Study finds that mood music affects how women react to a man's advances

Tuesday, July 13, 2010

From the Psychology of Music journal, a clue to why some guys get dates

Single ladies, listen up: Your willingness to give a guy your digits may have more to do with the music in the air than with his looks or his line.

Count on the French to try to prove that scientifically.

Single French women were more likely to accept the advances of an average-looking man after listening to a romantic song, according to Lubomir Lamy, an associate professor of social psychology at the University of Paris-South, and his colleagues at the University of Brittany-South. Their findings were published in the journal Psychology of Music.

"The general purpose of this study," Lamy wrote in an e-mail, "was to demonstrate that women induced with the idea of love are more easily attracted to other people."

Lamy and his co-authors invited female undergraduates, ages 18 to 20, to participate in what they were told was a taste-testing of organic cookies. The women were told they would talk about the edible products with another participant. One hundred eighty-three women signed up; the researchers eliminated those who were romantically attached or who did not consider themselves heterosexual. Then they scheduled the remaining 87 bachelorettes for their tests.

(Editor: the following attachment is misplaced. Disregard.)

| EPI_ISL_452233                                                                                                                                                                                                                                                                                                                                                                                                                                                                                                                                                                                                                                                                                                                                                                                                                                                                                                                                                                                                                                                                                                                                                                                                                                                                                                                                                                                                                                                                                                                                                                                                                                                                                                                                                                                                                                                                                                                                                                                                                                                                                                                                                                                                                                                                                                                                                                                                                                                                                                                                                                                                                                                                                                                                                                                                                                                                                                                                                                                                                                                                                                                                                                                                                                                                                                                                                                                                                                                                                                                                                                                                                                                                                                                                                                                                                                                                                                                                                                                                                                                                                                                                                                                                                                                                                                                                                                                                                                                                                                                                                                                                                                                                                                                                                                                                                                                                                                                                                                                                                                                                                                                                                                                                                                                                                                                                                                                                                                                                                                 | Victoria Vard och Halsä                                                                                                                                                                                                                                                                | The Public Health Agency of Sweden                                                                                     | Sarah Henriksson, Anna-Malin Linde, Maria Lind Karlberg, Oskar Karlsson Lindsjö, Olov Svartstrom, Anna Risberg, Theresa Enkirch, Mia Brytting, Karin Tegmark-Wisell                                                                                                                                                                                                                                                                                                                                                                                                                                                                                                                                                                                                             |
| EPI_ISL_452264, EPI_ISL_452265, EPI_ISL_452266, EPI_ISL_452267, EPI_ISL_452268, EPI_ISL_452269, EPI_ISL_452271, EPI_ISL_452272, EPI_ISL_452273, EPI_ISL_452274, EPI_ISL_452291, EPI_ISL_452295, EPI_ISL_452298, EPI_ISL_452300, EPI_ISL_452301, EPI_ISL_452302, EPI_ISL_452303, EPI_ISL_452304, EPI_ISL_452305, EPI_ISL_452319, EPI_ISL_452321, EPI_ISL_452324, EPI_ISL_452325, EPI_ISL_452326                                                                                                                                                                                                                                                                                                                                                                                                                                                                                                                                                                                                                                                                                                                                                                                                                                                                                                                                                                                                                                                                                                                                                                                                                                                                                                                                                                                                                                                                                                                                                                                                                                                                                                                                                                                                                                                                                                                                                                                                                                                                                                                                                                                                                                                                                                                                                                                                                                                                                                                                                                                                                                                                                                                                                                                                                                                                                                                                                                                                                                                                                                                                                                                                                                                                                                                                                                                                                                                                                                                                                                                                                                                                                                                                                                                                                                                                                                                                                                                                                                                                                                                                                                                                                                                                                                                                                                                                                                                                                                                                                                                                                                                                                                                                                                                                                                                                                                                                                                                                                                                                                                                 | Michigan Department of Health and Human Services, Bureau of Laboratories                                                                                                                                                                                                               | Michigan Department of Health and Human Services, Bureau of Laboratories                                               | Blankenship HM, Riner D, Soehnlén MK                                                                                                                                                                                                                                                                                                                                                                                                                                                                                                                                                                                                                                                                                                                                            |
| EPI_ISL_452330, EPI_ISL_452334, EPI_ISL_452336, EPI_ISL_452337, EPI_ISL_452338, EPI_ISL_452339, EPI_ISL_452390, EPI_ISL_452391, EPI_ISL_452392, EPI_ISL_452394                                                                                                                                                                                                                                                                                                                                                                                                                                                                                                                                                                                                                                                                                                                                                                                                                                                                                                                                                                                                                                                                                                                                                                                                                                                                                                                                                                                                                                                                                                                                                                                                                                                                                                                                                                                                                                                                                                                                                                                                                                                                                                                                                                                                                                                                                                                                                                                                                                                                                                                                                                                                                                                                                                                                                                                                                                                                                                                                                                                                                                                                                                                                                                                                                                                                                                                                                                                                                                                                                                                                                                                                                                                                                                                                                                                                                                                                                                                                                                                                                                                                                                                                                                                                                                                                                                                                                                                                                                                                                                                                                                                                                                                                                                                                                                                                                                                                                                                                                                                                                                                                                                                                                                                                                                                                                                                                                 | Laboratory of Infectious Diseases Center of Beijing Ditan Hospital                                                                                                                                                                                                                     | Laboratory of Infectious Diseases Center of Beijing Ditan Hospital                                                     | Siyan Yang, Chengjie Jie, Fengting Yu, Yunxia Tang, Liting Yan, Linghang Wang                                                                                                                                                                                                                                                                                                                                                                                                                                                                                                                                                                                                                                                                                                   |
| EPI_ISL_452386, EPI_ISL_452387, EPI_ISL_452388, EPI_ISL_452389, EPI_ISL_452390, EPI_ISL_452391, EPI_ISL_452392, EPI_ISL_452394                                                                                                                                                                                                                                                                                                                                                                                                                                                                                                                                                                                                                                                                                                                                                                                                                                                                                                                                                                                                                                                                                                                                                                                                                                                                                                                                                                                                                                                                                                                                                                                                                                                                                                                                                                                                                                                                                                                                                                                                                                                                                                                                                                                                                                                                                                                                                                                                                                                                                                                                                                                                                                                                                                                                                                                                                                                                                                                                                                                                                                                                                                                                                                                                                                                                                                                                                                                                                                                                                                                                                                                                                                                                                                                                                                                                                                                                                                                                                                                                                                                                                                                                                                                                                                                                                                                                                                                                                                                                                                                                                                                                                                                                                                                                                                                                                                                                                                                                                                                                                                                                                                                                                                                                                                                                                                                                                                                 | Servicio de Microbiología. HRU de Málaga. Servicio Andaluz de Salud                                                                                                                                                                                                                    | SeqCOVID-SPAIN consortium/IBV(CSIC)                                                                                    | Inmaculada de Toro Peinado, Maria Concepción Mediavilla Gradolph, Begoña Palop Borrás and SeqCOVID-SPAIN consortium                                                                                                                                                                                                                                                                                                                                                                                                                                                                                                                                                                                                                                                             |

When each woman arrived, she sat alone in a waiting room as music played in the background: either Francis Cabrel's romantic "Je L'Aime à Mourir" ("I Love Him to Death") or Vincent Delerm's more neutral "L'Heure du Thé" ("Tea Time").

After three minutes, she was led into the "experiment room," where a young man was seated. The two then spent a few minutes sampling cookies and answering questions. When the pseudo market research was done, the young man made his move: "My name is Antoine . . . I think you are very nice and I was wondering if you would give me your phone number."

"Antoine," who'd been chosen for this role because a panel had rated him as average-looking, had instructions on how to act, when to pause, gaze and smile. He performed the same scene with each participant, the researchers said.

Fifty-two percent of the women who met him after having heard the Cabrel song gave a phone number. Of the women who had gotten an earful of "Tea Time," just 28 percent did.

"The results indicate that participants primed with the idea of love consider more favorably an attempt to seduce them," Lamy said.

-- Leslie Tamura

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